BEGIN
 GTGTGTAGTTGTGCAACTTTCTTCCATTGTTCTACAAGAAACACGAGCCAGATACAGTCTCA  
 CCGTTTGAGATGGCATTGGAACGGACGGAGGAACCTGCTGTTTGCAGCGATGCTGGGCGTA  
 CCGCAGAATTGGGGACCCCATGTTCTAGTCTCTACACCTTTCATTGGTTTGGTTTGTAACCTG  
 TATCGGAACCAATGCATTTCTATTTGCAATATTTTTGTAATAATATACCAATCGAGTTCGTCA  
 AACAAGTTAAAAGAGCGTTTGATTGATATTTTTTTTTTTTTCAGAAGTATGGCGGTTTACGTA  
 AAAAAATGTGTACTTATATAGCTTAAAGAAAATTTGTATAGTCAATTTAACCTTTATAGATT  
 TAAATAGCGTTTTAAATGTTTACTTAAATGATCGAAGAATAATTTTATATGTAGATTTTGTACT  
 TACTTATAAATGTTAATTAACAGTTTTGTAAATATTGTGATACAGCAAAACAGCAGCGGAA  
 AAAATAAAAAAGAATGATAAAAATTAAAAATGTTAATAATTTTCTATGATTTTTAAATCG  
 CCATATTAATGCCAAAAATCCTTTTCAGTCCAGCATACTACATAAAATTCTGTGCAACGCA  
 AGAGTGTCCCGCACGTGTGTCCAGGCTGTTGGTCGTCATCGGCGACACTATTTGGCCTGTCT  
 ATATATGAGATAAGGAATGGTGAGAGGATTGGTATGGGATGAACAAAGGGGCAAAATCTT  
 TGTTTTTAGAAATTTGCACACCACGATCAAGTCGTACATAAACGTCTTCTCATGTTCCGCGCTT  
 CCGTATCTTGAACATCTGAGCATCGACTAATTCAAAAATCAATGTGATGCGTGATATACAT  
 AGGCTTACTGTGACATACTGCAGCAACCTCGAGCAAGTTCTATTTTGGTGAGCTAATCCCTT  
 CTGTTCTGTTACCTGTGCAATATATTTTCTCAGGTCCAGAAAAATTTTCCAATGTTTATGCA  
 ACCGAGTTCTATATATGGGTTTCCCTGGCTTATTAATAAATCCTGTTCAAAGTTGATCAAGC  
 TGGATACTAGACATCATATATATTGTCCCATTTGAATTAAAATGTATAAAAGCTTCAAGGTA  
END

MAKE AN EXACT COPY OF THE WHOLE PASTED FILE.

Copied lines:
 GTGTGTAGTTGTGCAACTTTCTTCCATTGTTCTACAAGAAACACGAGCCAGATACAGTCTCA  
 CCGTTTGAGATGGCATTGGAACGGACGGAGGAACCTGCTGTTTGCAGCGATGCTGGGCGTA  
 CCGCAGAATTGGGGACCCCATGTTCTAGTCTCTACACCTTTCATTGGTTTGGTTTGTAACCTG  
 TATCGGAACCAATGCATTTCTATTTGCAATATTTTTGTAATAATATACCAATCGAGTTCGTCA  
 AACAAGTTAAAAGAGCGTTTGATTGATATTTTTTTTTTTTTCAGAAGTATGGCGGTTTACGTA  
 AAAAAATGTGTACTTATATAGCTTAAAGAAAATTTGTATAGTCAATTTAACCTTTATAGATT  
 TAAATAGCGTTTTAAATGTTTACTTAAATGATCGAAGAATAATTTTATATGTAGATTTTGTACT  
 TACTTATAAATGTTAATTAACAGTTTTGTAAATATTGTGATACAGCAAAACAGCAGCGGAA  
 AAAATAAAAAAGAATGATAAAAATTAAAAATGTTAATAATTTTCTATGATTTTTAAATCG  
 CCATATTAATGCCAAAAATCCTTTTCAGTCCAGCATACTACATAAAATTCTGTGCAACGCA  
 AGAGTGTCCCGCACGTGTGTCCAGGCTGTTGGTCGTCATCGGCGACACTATTTGGCCTGTCT  
 ATATATGAGATAAGGAATGGTGAGAGGATTGGTATGGGATGAACAAAGGGGCAAAATCTT  
 TGTTTTTAGAAATTTGCACACCACGATCAAGTCGTACATAAACGTCTTCTCATGTTCCGCGCTT  
 CCGTATCTTGAACATCTGAGCATCGACTAATTCAAAAATCAATGTGATGCGTGATATACAT  
 AGGCTTACTGTGACATACTGCAGCAACCTCGAGCAAGTTCTATTTTGGTGAGCTAATCCCTT  
 CTGTTCTGTTACCTGTGCAATATATTTTCTCAGGTCCAGAAAAATTTTCCAATGTTTATGCA  
 ACCGAGTTCTATATATGGGTTTCCCTGGCTTATTAATAAATCCTGTTCAAAGTTGATCAAGC  
 TGGATACTAGACATCATATATATTGTCCCATTTGAATTAAAATGTATAAAAGCTTCAAGGTA  